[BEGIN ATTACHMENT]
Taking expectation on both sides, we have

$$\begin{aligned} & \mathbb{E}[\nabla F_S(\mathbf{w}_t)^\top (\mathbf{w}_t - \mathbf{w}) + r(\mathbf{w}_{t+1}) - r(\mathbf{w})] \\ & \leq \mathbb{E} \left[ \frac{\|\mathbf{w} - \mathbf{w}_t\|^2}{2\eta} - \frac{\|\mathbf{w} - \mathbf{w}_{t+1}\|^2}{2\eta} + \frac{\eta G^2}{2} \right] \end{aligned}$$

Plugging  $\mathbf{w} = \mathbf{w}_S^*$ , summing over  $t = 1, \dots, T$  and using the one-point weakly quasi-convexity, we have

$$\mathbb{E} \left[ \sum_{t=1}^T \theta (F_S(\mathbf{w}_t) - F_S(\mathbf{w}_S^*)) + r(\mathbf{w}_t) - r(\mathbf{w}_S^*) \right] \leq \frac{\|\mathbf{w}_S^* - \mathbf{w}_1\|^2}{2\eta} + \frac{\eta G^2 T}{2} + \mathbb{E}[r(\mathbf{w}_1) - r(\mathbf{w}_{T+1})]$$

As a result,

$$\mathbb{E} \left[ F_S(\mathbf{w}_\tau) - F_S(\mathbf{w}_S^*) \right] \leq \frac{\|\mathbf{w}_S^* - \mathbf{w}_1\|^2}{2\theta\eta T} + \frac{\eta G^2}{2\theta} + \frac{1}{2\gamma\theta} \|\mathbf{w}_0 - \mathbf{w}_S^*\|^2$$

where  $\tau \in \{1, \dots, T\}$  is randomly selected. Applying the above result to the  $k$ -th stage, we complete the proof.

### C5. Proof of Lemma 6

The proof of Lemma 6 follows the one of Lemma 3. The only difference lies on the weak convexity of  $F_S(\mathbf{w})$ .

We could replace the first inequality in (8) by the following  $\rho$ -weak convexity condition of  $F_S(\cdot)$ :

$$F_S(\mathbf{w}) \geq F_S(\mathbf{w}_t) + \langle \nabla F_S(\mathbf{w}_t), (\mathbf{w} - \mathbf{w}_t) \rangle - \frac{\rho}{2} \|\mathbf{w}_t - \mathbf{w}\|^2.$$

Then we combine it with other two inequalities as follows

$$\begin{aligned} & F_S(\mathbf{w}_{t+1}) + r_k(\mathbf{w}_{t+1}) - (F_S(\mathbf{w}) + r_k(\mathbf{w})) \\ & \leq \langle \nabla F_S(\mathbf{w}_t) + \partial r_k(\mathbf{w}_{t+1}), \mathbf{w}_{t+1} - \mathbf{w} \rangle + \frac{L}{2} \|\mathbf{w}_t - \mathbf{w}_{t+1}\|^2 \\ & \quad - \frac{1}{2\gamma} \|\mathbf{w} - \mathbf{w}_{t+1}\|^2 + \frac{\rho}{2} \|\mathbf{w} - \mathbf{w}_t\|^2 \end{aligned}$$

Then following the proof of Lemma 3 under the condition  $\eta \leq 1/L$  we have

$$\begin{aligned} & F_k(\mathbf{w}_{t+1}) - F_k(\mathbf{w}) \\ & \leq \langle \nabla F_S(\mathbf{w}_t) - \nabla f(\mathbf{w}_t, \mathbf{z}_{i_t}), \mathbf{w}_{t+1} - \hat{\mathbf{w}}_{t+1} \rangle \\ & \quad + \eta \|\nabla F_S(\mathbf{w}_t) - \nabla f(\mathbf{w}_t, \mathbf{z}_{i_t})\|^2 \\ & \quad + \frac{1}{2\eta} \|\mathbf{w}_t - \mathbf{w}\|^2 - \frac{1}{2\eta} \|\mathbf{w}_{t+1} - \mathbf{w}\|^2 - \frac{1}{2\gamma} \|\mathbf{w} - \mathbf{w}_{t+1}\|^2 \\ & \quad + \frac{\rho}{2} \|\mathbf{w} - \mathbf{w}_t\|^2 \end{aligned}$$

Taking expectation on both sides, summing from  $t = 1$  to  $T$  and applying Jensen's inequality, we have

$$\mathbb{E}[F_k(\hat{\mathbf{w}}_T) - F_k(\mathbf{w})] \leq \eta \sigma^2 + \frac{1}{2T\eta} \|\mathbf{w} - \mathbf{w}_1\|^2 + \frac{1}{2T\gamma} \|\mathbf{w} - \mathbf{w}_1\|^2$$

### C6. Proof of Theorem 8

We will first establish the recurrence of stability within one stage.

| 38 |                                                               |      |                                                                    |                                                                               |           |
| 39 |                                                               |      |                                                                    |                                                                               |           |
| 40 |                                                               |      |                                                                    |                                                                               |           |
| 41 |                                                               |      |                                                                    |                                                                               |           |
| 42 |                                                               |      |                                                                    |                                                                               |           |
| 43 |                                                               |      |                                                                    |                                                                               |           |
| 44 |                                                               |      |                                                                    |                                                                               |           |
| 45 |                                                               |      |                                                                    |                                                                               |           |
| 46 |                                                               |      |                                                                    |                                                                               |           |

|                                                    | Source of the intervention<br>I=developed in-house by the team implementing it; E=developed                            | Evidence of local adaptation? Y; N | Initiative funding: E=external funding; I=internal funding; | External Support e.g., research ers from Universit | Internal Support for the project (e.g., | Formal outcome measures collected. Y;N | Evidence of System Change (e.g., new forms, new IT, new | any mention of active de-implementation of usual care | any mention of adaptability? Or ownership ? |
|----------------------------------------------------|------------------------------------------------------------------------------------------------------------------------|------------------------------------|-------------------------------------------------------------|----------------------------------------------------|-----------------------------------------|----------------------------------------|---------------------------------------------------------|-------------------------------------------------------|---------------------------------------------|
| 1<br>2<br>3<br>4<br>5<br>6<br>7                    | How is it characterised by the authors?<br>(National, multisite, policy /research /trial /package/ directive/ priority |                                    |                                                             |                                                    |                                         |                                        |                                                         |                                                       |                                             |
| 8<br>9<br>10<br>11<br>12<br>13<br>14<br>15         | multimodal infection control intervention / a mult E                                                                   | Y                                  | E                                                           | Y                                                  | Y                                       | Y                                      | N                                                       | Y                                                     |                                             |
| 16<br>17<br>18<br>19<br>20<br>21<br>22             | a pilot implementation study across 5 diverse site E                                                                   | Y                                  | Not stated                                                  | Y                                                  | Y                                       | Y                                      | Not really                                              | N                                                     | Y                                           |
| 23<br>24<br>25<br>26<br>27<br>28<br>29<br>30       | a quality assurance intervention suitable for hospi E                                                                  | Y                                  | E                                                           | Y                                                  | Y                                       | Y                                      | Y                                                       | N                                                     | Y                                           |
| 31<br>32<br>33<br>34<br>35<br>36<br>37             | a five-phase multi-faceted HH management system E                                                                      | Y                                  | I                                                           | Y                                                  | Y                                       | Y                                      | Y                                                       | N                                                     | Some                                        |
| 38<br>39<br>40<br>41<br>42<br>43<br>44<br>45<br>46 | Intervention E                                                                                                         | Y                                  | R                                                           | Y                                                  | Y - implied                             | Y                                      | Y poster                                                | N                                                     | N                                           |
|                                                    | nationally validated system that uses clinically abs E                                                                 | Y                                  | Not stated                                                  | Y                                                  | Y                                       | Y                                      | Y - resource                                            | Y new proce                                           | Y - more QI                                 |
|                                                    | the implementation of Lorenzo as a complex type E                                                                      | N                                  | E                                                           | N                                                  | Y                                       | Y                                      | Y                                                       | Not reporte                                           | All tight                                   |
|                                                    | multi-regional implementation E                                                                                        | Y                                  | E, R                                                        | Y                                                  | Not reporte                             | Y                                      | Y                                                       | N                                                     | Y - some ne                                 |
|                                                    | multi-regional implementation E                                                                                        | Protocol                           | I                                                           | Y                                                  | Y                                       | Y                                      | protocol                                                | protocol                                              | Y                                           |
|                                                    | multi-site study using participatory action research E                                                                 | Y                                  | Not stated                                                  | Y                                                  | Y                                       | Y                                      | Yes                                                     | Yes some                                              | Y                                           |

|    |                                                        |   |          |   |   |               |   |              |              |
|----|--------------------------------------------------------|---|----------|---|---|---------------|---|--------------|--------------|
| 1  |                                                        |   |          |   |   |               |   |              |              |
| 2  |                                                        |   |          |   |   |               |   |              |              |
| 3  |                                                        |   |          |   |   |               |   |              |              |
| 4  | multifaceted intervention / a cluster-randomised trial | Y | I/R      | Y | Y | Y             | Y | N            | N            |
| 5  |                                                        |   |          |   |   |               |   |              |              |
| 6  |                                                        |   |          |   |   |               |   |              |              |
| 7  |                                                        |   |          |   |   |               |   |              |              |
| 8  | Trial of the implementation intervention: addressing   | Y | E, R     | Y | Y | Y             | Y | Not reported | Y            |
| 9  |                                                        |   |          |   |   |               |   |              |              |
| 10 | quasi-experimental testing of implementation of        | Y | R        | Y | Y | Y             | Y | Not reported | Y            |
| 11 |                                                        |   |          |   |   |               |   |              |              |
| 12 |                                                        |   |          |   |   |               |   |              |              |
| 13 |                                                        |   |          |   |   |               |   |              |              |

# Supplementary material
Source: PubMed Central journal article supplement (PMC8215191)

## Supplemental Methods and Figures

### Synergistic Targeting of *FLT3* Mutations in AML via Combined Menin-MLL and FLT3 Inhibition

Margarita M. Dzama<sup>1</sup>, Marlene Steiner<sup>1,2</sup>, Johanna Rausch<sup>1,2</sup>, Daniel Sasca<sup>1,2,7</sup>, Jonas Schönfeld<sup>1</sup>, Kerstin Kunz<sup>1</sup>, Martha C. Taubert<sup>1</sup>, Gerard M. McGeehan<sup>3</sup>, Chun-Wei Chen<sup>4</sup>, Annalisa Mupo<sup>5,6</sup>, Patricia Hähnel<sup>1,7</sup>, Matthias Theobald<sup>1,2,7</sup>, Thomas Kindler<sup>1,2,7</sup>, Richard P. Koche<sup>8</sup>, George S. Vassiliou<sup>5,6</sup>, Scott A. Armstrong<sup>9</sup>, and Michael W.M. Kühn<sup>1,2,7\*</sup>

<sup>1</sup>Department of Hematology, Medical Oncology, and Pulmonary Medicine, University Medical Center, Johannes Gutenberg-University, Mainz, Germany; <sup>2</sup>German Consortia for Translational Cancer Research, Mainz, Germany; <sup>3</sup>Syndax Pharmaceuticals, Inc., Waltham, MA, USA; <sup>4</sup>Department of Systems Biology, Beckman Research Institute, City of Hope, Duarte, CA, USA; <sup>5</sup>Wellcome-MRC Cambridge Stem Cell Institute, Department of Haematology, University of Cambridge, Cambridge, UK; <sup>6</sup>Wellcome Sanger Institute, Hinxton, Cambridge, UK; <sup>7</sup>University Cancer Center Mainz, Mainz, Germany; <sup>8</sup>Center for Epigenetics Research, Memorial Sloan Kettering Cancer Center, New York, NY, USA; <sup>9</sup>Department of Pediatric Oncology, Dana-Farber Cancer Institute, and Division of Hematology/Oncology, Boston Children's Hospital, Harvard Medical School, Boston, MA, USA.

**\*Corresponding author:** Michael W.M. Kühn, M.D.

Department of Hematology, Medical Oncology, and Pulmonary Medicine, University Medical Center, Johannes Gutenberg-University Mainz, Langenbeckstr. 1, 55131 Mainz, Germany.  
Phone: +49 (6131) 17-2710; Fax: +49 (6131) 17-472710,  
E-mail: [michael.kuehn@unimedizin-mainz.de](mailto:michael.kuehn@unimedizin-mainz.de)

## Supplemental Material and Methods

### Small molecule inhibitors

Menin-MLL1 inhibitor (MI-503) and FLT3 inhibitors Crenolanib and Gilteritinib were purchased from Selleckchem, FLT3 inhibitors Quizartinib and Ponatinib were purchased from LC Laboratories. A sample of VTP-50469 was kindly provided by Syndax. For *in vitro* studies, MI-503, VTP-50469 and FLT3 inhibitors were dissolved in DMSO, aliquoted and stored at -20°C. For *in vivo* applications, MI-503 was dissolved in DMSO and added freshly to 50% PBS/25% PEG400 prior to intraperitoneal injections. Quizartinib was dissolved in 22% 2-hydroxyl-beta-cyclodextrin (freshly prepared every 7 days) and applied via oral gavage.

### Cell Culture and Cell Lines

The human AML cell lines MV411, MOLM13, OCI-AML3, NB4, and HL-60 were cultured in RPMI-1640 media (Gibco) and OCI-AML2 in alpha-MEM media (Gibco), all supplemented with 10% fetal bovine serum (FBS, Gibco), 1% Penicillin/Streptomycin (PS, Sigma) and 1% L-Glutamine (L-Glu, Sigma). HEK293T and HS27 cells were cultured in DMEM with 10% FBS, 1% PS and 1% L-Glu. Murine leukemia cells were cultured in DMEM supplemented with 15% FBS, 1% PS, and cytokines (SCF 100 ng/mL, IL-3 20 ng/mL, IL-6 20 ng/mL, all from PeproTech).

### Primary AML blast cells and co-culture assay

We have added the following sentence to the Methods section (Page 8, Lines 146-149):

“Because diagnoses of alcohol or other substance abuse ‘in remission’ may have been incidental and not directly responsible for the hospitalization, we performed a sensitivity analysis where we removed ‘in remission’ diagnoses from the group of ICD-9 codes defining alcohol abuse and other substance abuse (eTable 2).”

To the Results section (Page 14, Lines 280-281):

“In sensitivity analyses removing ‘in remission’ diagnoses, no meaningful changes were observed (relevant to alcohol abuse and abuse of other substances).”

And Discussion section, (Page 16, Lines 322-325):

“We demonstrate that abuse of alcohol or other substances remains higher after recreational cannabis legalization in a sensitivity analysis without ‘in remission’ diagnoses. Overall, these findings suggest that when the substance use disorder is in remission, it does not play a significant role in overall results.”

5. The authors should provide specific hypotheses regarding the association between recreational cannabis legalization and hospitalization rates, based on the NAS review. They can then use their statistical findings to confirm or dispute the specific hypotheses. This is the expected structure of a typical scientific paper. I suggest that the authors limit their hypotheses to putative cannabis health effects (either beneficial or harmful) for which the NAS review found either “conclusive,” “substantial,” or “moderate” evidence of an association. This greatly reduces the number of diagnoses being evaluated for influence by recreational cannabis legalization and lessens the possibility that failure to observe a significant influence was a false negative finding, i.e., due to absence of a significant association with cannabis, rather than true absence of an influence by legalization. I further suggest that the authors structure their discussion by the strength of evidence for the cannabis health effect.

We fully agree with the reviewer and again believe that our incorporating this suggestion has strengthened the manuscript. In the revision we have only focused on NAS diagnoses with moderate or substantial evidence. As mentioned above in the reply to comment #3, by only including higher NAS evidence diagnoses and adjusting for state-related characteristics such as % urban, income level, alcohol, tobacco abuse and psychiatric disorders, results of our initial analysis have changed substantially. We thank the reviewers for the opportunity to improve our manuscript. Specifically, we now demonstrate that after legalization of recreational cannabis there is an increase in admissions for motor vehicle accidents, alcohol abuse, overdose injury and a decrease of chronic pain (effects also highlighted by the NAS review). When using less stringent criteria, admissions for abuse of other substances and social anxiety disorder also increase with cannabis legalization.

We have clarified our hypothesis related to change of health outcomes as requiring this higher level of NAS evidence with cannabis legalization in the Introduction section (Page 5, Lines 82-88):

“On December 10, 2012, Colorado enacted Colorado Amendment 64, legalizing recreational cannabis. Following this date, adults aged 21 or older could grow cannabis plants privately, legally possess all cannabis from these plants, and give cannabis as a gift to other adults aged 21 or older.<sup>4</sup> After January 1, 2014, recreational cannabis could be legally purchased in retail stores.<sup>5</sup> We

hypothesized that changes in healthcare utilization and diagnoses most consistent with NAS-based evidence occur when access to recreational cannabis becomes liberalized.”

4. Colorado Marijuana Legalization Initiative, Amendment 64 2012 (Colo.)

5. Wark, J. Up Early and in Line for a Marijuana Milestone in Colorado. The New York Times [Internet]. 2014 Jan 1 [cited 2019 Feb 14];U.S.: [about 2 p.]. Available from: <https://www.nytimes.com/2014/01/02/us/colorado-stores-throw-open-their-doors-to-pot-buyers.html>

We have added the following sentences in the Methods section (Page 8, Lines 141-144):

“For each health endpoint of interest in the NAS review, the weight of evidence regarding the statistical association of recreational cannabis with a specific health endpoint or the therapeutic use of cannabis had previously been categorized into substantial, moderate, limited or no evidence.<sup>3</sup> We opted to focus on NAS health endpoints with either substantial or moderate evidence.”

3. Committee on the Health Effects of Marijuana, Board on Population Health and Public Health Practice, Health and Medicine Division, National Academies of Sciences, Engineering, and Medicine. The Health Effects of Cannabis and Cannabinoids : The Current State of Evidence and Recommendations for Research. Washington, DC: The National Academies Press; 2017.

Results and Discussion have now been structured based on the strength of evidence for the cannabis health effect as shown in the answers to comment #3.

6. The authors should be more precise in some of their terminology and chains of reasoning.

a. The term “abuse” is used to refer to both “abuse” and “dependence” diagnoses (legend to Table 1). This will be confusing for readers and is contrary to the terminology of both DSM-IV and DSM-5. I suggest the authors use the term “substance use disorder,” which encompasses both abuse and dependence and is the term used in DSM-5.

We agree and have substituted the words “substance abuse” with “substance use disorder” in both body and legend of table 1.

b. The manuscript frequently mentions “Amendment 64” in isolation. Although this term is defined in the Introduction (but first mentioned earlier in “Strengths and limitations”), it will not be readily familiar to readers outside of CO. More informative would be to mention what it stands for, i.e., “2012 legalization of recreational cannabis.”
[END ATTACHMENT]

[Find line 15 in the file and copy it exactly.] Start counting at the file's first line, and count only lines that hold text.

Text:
$$\begin{aligned} & F_k(\mathbf{w}_{t+1}) - F_k(\mathbf{w}) \\ & \leq \langle \nabla F_S(\mathbf{w}_t) - \nabla f(\mathbf{w}_t, \mathbf{z}_{i_t}), \mathbf{w}_{t+1} - \hat{\mathbf{w}}_{t+1} \rangle \\ & \quad + \eta \|\nabla F_S(\mathbf{w}_t) - \nabla f(\mathbf{w}_t, \mathbf{z}_{i_t})\|^2 \\ & \quad + \frac{1}{2\eta} \|\mathbf{w}_t - \mathbf{w}\|^2 - \frac{1}{2\eta} \|\mathbf{w}_{t+1} - \mathbf{w}\|^2 - \frac{1}{2\gamma} \|\mathbf{w} - \mathbf{w}_{t+1}\|^2 \\ & \quad + \frac{\rho}{2} \|\mathbf{w} - \mathbf{w}_t\|^2 \end{aligned}$$